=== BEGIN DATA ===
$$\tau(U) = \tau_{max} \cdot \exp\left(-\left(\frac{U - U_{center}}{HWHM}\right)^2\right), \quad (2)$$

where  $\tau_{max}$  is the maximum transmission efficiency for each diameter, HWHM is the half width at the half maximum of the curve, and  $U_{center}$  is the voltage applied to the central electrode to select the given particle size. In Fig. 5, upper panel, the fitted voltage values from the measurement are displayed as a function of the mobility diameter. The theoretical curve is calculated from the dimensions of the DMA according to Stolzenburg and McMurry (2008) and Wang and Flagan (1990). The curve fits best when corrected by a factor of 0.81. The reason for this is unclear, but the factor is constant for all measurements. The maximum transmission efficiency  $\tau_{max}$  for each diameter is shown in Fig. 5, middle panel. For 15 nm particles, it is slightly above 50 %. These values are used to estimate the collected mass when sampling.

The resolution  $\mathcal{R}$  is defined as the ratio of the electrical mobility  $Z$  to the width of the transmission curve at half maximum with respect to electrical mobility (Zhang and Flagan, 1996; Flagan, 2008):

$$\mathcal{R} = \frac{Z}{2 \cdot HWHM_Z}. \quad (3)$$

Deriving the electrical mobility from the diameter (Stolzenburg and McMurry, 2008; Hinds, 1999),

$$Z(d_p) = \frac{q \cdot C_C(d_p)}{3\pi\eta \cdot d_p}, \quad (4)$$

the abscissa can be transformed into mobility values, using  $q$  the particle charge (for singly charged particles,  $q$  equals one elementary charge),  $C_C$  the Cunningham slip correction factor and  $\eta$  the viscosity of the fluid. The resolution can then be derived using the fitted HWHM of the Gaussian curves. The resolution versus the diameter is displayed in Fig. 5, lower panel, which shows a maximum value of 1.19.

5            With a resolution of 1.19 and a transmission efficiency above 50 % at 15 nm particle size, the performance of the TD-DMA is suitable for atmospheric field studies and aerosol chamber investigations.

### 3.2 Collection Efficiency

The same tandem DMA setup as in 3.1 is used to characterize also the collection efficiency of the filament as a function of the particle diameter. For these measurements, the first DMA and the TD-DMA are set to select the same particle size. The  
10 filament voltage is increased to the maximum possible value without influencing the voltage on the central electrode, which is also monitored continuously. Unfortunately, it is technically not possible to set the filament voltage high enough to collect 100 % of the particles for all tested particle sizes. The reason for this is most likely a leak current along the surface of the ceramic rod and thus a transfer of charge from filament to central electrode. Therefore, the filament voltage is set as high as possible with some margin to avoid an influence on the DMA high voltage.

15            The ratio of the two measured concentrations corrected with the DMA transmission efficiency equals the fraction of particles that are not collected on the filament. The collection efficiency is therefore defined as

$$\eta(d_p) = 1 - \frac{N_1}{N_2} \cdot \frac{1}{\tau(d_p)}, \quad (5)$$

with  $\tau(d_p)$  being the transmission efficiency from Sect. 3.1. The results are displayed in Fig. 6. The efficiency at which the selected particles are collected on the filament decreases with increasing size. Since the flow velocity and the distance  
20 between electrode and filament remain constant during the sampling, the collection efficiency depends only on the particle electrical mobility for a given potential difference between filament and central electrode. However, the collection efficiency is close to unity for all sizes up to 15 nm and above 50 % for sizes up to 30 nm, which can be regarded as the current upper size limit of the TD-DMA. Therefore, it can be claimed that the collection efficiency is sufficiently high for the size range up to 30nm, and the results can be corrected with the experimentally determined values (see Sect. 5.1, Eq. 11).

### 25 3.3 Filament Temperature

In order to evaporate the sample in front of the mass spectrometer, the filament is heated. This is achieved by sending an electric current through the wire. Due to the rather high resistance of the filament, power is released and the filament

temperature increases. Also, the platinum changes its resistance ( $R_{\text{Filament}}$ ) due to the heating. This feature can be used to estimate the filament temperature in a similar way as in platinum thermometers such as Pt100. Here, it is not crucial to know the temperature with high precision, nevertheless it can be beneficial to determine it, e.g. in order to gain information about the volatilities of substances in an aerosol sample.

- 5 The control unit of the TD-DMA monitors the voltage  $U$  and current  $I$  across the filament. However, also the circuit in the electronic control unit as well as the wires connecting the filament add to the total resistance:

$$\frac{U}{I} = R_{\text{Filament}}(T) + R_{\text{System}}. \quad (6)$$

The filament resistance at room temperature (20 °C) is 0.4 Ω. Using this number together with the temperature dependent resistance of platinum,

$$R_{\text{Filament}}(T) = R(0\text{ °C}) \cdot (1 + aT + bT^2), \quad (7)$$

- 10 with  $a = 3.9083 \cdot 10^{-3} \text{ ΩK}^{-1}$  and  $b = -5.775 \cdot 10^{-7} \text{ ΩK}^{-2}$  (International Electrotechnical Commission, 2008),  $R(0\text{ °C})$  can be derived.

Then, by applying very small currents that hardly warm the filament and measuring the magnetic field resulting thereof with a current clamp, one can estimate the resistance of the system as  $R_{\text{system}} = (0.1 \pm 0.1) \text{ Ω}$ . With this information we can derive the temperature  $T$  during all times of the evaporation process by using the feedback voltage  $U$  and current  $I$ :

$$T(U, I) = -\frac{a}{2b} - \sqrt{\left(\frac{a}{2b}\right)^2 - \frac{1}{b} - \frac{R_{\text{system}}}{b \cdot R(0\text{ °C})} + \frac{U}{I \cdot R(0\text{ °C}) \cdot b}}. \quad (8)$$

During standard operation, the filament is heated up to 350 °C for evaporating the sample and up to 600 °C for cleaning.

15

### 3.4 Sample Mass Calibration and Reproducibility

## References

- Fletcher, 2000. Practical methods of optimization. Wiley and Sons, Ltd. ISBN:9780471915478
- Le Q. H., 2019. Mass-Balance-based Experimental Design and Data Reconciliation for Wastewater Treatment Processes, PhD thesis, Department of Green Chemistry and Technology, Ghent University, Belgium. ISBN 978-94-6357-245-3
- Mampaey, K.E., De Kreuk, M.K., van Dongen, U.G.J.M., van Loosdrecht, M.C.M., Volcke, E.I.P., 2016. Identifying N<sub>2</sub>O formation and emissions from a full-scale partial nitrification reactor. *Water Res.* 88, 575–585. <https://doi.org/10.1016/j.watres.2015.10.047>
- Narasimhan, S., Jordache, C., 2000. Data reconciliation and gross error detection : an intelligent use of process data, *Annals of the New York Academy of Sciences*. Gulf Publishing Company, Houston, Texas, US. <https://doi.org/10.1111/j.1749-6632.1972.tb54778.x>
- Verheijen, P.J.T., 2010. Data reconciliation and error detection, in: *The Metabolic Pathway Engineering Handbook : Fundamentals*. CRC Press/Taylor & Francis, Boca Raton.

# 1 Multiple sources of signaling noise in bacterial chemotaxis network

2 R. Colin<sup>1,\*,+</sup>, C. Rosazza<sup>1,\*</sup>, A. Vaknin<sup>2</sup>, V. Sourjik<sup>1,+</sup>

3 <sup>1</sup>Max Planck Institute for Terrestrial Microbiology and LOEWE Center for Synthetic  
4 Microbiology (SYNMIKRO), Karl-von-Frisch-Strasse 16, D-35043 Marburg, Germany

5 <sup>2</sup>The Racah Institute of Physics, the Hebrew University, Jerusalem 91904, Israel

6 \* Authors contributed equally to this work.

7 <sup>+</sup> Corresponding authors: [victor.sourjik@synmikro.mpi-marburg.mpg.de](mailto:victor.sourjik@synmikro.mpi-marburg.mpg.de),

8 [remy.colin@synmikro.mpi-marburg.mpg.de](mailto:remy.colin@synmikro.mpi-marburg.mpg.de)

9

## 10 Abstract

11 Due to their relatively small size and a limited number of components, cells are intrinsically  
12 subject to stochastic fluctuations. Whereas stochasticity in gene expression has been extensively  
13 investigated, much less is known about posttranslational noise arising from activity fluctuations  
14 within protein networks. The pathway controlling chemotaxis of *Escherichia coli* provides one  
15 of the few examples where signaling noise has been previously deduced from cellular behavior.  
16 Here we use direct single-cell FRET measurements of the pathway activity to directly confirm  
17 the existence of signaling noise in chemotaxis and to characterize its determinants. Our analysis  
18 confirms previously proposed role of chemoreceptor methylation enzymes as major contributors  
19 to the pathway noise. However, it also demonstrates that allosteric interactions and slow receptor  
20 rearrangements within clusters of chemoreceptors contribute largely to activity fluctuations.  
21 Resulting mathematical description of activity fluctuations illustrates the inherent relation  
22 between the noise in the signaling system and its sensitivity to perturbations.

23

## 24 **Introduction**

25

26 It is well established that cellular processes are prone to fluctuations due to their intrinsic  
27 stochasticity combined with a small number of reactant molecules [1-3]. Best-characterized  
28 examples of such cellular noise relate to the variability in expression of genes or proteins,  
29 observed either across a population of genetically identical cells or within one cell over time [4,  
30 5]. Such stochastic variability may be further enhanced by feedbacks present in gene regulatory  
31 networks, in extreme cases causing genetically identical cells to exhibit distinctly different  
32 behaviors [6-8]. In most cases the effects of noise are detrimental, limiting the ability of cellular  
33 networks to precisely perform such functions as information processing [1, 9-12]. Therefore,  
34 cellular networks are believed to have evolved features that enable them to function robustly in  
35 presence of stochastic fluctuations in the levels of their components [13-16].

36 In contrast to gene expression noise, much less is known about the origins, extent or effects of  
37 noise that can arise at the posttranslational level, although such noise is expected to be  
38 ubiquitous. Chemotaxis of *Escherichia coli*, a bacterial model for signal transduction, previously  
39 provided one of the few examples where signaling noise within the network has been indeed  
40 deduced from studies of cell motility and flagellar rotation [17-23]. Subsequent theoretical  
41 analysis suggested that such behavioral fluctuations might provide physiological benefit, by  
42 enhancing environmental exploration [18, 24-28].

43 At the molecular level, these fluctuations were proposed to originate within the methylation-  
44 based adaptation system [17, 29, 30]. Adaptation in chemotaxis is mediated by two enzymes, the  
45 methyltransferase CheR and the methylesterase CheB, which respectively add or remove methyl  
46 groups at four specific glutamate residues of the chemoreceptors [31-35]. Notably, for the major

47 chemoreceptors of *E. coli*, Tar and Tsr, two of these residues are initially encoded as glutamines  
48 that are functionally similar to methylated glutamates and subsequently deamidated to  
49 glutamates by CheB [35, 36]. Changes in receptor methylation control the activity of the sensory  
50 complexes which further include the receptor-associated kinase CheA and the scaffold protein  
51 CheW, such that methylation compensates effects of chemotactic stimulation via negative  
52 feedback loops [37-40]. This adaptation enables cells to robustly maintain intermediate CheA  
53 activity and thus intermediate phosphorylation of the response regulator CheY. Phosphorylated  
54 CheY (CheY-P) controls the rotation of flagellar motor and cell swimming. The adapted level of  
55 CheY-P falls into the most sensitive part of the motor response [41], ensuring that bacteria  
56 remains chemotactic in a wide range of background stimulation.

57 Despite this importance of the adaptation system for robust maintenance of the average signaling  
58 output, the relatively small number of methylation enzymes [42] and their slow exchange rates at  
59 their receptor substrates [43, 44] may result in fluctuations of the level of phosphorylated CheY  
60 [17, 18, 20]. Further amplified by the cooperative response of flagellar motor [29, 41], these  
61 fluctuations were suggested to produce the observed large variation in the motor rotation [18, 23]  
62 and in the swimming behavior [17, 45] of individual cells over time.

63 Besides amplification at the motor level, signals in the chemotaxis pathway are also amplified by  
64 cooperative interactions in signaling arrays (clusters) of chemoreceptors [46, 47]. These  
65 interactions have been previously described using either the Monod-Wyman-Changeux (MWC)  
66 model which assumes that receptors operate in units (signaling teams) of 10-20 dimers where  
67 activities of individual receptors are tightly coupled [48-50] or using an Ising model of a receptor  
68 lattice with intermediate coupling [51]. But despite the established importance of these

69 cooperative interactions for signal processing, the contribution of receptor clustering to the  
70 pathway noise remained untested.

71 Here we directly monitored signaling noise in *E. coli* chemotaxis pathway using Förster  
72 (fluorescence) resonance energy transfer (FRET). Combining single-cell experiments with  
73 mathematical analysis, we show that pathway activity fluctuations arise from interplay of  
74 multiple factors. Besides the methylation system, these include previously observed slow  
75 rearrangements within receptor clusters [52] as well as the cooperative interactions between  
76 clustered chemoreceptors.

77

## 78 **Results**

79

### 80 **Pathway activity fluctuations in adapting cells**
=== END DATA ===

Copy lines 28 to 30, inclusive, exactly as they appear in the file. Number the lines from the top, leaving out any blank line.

### 3.4 Sample Mass Calibration and Reproducibility

## References

- Fletcher, 2000. Practical methods of optimization. Wiley and Sons, Ltd. ISBN:9780471915478